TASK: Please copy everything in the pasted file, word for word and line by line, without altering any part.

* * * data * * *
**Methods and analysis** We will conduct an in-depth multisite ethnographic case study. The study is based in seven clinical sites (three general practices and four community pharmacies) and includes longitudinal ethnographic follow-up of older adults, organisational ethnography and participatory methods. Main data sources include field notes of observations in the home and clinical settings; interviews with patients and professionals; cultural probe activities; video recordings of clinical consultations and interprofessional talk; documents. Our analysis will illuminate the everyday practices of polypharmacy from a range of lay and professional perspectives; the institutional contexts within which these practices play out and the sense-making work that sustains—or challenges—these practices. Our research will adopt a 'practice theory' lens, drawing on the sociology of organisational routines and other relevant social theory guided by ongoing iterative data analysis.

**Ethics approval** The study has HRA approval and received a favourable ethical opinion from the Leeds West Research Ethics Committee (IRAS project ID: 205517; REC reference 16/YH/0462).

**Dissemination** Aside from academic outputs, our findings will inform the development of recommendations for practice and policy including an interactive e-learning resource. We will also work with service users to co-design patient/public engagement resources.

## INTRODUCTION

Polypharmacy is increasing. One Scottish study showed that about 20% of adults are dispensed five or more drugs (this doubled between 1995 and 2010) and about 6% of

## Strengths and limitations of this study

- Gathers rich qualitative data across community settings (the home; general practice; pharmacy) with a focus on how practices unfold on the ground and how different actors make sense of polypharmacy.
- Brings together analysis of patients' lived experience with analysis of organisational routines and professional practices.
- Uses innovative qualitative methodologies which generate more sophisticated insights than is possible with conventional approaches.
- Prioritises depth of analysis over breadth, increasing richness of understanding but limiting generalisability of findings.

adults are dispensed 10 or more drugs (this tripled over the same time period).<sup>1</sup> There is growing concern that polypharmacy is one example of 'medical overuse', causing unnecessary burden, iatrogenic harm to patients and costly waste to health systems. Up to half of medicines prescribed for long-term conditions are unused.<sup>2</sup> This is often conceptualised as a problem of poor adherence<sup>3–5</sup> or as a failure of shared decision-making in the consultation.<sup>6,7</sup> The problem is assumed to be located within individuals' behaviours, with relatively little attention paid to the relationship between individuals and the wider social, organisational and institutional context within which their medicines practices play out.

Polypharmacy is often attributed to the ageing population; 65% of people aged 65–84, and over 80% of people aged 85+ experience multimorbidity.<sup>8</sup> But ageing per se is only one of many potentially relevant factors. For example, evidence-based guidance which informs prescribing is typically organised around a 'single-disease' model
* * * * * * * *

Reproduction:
**Methods and analysis** We will conduct an in-depth multisite ethnographic case study. The study is based in seven clinical sites (three general practices and four community pharmacies) and includes longitudinal ethnographic follow-up of older adults, organisational ethnography and participatory methods. Main data sources include field notes of observations in the home and clinical settings; interviews with patients and professionals; cultural probe activities; video recordings of clinical consultations and interprofessional talk; documents. Our analysis will illuminate the everyday practices of polypharmacy from a range of lay and professional perspectives; the institutional contexts within which these practices play out and the sense-making work that sustains—or challenges—these practices. Our research will adopt a 'practice theory' lens, drawing on the sociology of organisational routines and other relevant social theory guided by ongoing iterative data analysis.

**Ethics approval** The study has HRA approval and received a favourable ethical opinion from the Leeds West Research Ethics Committee (IRAS project ID: 205517; REC reference 16/YH/0462).

**Dissemination** Aside from academic outputs, our findings will inform the development of recommendations for practice and policy including an interactive e-learning resource. We will also work with service users to co-design patient/public engagement resources.

## INTRODUCTION

Polypharmacy is increasing. One Scottish study showed that about 20% of adults are dispensed five or more drugs (this doubled between 1995 and 2010) and about 6% of

## Strengths and limitations of this study

- Gathers rich qualitative data across community settings (the home; general practice; pharmacy) with a focus on how practices unfold on the ground and how different actors make sense of polypharmacy.
- Brings together analysis of patients' lived experience with analysis of organisational routines and professional practices.
- Uses innovative qualitative methodologies which generate more sophisticated insights than is possible with conventional approaches.
- Prioritises depth of analysis over breadth, increasing richness of understanding but limiting generalisability of findings.

adults are dispensed 10 or more drugs (this tripled over the same time period).<sup>1</sup> There is growing concern that polypharmacy is one example of 'medical overuse', causing unnecessary burden, iatrogenic harm to patients and costly waste to health systems. Up to half of medicines prescribed for long-term conditions are unused.<sup>2</sup> This is often conceptualised as a problem of poor adherence<sup>3–5</sup> or as a failure of shared decision-making in the consultation.<sup>6,7</sup> The problem is assumed to be located within individuals' behaviours, with relatively little attention paid to the relationship between individuals and the wider social, organisational and institutional context within which their medicines practices play out.

Polypharmacy is often attributed to the ageing population; 65% of people aged 65–84, and over 80% of people aged 85+ experience multimorbidity.<sup>8</sup> But ageing per se is only one of many potentially relevant factors. For example, evidence-based guidance which informs prescribing is typically organised around a 'single-disease' model